Taipei City’s Department of Health and the National Police Agency (NPA) warned the public yesterday to be on the look out for scammers posing as health workers, prosecutors or even police officers.
The latest statistics from the agency’s “165” fraud hotline show 608 cases were reported in the first seven days of this month, and the “health worker, prosecutor, police officer” scam was the third most common.
Taipei City Government Department of Health senior inspector Tu Chung-chieh (杜仲傑) said that suspects call up victims and tell them that their health insurance cards have been duplicated and misused. They then ask them to transfer money to a designated bank account for “temporary monitoring” by prosecutors or police officers.
“Once you receive such a call, hang up and call 165 for advice,” Tu said. “Do not do anything on an ATM machine.”
Tu warned people not to call the numbers the scammers give out.
“They direct you to their own people so what you hear will also be a lie,” he said.
Meanwhile, the legislature’s Transportation Committee passed a resolution yesterday, asking the National Communications Commission (NCC) to hold a public hearing within a month to discuss the possibility of establishing a telecommunication credit information center as a way to curb telephone fraud.
The bill was proposed by Chinese Nationalist Party (KMT) Legislator Pan Wei-kang (潘維剛) and 21 collegues, who suggested that Article 8 of the Telecommunications Act (電信法) be amended to give the NCC authority over the proposed center.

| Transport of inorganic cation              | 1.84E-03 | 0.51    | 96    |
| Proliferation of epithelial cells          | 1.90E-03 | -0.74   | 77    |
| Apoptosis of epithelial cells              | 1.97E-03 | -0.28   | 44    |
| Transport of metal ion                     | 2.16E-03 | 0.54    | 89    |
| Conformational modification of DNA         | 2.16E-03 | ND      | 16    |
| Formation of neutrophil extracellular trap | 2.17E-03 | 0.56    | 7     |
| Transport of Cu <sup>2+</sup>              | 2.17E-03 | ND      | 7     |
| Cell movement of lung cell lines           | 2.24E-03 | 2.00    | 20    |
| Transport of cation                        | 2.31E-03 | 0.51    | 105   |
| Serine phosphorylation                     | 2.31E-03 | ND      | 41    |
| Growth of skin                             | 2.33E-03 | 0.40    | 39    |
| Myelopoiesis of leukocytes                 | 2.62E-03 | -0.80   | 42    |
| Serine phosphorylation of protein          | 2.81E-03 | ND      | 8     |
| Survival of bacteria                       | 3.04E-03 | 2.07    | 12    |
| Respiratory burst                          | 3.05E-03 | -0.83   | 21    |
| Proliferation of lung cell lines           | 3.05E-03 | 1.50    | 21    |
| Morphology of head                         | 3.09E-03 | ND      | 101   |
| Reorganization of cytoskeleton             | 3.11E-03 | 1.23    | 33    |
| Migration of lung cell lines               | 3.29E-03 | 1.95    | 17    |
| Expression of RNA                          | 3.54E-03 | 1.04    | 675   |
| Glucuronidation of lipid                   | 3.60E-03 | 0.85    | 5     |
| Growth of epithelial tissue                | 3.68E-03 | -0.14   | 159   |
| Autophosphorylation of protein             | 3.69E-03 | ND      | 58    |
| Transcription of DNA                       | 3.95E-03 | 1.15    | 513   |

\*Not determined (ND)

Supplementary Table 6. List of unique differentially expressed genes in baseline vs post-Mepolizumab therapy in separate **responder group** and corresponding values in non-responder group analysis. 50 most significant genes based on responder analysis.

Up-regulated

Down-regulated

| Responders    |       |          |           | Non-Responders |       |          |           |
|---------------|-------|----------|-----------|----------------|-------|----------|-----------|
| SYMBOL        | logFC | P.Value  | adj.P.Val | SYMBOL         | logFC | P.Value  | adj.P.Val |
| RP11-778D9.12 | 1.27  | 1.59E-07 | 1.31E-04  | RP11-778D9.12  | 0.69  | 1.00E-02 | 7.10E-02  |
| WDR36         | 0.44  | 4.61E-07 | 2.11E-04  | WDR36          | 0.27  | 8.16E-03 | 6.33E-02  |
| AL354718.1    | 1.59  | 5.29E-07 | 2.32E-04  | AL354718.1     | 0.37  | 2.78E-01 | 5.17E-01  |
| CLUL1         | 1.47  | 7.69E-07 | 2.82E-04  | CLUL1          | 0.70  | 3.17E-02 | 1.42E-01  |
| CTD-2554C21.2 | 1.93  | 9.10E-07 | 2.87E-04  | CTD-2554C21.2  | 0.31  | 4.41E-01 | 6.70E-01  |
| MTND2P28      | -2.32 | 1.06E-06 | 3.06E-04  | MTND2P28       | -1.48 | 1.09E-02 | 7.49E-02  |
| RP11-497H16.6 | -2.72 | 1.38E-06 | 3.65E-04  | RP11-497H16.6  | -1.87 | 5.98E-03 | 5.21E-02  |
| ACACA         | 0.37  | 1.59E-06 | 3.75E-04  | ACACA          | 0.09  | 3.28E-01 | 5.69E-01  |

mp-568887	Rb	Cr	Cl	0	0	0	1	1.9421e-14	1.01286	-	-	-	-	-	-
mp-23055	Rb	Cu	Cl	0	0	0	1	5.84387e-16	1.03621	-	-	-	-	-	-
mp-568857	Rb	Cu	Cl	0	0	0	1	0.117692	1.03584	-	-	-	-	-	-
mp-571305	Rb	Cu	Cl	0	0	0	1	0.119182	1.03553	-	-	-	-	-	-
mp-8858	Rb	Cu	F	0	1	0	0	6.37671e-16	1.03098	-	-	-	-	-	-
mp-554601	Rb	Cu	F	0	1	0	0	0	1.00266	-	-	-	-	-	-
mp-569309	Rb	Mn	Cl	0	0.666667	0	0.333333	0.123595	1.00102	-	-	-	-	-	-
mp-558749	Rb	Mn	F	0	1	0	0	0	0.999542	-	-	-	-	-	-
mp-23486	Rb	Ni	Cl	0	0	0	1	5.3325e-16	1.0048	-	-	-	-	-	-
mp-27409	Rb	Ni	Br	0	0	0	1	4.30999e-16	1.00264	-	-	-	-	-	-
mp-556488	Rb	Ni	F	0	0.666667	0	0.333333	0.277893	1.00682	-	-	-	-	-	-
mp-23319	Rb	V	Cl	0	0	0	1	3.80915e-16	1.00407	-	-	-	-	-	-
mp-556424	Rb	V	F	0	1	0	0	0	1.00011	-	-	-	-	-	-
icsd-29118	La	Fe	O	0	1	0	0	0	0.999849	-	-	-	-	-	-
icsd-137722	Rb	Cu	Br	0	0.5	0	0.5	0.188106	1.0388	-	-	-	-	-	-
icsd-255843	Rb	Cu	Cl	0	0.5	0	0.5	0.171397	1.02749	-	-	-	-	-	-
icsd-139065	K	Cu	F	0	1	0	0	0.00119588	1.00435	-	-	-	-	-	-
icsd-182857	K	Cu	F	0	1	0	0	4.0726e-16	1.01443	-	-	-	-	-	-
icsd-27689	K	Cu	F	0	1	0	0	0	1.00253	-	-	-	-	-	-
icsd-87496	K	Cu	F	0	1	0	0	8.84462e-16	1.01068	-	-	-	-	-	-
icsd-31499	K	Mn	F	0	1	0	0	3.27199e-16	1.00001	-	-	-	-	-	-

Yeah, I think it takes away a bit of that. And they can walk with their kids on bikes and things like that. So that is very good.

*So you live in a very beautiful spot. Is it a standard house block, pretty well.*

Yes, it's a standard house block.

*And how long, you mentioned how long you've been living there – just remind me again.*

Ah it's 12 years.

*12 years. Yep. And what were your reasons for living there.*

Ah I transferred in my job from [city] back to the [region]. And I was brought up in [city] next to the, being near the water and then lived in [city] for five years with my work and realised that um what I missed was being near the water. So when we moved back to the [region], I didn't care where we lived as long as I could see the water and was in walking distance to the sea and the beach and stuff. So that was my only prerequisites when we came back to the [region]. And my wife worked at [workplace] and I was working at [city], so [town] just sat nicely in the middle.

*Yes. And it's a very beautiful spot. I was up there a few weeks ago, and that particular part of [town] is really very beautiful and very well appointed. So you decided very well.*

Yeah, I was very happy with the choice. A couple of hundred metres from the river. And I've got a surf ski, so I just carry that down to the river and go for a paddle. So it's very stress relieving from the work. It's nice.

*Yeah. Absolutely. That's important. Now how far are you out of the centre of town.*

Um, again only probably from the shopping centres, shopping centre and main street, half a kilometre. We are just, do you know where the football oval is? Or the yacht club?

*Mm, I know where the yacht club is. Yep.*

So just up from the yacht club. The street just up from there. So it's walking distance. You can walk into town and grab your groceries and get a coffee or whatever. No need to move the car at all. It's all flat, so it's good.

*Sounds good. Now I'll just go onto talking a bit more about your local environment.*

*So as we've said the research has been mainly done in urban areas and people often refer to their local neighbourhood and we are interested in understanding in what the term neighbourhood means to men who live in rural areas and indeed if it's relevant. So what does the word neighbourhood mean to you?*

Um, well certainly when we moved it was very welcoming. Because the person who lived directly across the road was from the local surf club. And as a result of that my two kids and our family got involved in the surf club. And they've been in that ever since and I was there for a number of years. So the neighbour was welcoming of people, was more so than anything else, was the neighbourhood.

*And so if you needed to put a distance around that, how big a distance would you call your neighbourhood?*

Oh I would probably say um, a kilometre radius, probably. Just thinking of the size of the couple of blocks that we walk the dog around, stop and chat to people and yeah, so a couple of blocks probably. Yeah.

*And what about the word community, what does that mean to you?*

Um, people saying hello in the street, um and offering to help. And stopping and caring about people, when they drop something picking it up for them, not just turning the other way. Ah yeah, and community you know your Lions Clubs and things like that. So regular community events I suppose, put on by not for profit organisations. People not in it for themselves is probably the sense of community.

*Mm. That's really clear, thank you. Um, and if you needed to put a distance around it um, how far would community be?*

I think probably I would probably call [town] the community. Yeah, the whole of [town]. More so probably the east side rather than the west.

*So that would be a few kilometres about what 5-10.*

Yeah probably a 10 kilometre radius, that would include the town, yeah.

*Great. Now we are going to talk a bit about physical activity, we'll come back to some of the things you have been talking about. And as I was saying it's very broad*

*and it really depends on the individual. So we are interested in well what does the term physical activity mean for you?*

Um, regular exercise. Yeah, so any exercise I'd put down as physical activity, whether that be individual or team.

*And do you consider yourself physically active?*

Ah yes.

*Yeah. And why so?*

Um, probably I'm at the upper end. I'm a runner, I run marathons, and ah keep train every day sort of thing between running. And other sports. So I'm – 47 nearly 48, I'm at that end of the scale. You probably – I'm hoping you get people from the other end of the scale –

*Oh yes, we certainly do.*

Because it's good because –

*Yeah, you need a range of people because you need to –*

Pan said that they proposed the bill because they wanted a more effective way to reduce phone scams.
“Many crime rings buy personal information from low-income individuals or street people to apply for new mobile phones.” Pan said. “And if their applications are turned down by one telecom carrier, they can always go to another. These applications would not be accepted if there was a credit information center.”
Although the bill drew mixed reactions, KMT legislators Chu Feng-chih (朱鳳芝) and Tsai Chin-lung (蔡錦隆) endorsed its passage.
“The nation has 23 million people, and it has about 26 million mobile phones. The number of telephone scams occurring each year has made Taiwan a ‘Republic of Fraud,’” Tsai said. “Many countries have similar organization to prevent crimes. Why can’t we?”
The NCC has objected to the bill and said that the center should not fall under its jurisdiction.
“It is inappropriate for the government to set up an agency to help private businesses solve phone bill disputes,” NCC law division director Kuo Fu-yao (高福堯) said. “If the aim is to prevent crime, then a credit center should fall under the auspices of a crime-prevention agency.”
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